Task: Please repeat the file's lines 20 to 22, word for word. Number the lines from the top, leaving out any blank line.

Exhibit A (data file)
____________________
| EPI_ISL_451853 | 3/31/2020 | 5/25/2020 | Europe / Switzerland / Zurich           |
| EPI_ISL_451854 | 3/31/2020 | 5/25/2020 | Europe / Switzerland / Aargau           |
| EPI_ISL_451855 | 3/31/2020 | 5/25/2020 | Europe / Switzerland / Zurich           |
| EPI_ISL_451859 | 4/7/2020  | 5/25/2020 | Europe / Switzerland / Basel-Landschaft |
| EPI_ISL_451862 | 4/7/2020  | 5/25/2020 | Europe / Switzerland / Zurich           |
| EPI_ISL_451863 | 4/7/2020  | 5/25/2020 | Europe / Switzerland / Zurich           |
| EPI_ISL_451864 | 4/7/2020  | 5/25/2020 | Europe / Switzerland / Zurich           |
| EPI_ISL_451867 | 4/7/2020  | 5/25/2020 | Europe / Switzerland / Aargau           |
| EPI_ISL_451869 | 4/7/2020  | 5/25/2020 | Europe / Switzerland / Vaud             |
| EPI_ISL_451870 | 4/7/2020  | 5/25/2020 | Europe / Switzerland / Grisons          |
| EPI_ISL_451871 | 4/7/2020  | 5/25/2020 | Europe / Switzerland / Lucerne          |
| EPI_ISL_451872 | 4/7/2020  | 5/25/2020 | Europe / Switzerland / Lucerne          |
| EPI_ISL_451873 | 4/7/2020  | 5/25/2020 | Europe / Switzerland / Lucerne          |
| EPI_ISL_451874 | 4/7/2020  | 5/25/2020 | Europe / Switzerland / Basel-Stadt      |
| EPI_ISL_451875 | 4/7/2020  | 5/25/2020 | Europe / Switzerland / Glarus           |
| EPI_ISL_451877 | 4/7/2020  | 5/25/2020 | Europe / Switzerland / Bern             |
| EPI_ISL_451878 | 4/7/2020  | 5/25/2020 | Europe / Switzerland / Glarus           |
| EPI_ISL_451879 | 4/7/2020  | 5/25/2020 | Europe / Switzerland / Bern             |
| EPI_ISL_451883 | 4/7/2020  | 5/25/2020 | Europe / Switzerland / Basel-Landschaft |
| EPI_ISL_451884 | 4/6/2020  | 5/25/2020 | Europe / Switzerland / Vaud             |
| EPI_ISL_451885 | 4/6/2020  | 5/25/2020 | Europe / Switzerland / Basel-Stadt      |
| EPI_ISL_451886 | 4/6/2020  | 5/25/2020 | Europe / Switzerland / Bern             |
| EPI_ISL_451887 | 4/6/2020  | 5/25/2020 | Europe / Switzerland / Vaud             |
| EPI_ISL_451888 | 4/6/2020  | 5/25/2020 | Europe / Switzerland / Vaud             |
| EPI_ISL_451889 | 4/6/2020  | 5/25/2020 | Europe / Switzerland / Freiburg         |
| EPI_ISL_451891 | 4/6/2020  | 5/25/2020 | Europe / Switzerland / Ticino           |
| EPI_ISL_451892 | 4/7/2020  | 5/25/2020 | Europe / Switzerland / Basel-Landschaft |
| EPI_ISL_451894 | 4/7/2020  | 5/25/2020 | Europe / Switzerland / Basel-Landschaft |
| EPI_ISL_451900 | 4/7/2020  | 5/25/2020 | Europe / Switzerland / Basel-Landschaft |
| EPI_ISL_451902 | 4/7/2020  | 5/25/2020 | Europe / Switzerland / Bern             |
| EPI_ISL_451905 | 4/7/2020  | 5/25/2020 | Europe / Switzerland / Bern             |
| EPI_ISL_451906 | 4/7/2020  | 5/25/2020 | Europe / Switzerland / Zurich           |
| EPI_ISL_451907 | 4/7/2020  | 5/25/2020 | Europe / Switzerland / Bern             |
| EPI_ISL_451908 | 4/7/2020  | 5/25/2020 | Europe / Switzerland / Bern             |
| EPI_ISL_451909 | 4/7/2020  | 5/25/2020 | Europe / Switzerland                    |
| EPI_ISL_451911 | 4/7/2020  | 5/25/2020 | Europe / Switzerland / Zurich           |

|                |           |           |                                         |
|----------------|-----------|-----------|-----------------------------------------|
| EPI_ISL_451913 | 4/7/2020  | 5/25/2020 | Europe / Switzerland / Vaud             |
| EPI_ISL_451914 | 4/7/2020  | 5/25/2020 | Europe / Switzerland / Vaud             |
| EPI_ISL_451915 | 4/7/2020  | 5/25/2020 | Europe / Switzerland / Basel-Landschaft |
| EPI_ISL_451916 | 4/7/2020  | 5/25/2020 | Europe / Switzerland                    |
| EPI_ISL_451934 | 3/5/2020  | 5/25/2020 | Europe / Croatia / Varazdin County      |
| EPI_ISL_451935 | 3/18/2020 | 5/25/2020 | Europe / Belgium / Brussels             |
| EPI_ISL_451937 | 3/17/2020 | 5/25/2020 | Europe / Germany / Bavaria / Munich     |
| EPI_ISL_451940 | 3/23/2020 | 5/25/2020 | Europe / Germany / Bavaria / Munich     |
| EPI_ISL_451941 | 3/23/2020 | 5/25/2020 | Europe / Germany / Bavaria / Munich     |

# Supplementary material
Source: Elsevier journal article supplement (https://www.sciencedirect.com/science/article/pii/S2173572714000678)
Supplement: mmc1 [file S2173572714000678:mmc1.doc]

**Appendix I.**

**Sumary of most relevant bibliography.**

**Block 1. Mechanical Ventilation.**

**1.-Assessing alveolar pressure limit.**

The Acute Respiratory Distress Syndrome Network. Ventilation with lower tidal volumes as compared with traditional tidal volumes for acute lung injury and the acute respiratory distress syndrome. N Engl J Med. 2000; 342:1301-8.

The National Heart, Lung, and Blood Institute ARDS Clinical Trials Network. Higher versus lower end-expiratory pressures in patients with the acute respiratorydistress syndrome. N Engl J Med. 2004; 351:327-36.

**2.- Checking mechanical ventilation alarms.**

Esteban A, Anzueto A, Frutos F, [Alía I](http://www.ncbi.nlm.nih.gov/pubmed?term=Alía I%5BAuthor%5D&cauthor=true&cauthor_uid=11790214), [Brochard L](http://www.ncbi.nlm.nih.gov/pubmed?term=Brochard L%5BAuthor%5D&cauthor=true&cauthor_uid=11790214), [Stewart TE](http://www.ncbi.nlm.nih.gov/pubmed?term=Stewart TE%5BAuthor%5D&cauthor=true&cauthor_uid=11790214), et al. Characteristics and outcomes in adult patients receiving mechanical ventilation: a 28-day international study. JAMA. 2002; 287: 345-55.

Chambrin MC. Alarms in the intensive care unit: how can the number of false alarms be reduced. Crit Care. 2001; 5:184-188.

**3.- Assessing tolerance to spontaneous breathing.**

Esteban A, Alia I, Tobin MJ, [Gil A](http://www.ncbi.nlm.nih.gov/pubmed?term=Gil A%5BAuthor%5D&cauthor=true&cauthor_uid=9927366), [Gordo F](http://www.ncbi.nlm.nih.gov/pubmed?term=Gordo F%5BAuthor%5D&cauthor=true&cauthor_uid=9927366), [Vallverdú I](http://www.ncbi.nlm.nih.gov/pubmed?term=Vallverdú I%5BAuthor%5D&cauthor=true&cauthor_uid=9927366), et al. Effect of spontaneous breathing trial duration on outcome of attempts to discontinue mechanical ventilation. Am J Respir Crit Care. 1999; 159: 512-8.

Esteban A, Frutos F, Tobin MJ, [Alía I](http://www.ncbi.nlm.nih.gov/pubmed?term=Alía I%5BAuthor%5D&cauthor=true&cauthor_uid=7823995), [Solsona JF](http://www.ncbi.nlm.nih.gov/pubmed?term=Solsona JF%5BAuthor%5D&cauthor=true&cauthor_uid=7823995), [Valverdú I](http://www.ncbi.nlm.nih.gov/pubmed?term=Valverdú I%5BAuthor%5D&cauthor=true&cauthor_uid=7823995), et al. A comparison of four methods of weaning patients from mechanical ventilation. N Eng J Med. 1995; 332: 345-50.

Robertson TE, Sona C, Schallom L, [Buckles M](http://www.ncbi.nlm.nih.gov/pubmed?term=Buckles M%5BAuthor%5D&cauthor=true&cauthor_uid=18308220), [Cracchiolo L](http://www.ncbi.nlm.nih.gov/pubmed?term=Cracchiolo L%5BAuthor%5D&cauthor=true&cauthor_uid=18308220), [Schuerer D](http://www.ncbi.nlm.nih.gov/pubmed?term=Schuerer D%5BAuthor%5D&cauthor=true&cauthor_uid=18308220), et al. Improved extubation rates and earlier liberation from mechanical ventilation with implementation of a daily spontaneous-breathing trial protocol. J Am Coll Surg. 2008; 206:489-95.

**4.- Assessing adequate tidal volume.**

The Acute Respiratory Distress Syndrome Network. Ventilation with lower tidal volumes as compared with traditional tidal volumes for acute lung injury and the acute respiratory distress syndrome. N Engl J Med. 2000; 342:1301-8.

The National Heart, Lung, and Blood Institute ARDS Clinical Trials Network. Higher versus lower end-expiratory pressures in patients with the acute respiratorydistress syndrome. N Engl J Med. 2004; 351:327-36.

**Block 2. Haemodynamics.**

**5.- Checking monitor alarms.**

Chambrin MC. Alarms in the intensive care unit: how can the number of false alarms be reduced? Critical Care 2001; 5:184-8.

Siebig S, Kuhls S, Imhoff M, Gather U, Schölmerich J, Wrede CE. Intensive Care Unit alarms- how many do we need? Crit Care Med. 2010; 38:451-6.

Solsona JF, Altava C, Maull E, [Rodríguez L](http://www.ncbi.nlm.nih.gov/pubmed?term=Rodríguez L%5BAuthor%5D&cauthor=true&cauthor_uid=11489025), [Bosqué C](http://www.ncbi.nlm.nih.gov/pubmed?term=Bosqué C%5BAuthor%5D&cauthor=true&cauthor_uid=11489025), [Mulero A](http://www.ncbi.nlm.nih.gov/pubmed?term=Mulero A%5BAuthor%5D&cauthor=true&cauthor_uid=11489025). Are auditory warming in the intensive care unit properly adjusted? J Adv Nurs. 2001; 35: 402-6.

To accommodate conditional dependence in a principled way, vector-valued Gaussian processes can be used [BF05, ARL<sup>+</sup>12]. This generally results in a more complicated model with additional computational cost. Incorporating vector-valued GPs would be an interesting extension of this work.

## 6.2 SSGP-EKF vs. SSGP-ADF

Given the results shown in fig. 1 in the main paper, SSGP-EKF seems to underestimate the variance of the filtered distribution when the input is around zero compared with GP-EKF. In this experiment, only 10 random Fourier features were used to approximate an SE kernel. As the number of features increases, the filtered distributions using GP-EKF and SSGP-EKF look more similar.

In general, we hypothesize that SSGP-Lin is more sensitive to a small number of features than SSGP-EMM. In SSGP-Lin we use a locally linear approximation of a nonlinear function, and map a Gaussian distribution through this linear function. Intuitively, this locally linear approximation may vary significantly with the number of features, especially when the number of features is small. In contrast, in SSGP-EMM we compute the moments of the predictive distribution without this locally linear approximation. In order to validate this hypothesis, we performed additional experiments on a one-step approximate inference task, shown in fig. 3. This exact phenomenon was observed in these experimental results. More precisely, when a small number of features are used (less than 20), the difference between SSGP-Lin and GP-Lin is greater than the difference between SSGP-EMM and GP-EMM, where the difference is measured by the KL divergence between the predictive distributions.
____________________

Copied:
| EPI_ISL_451884 | 4/6/2020  | 5/25/2020 | Europe / Switzerland / Vaud             |
| EPI_ISL_451885 | 4/6/2020  | 5/25/2020 | Europe / Switzerland / Basel-Stadt      |
| EPI_ISL_451886 | 4/6/2020  | 5/25/2020 | Europe / Switzerland / Bern             |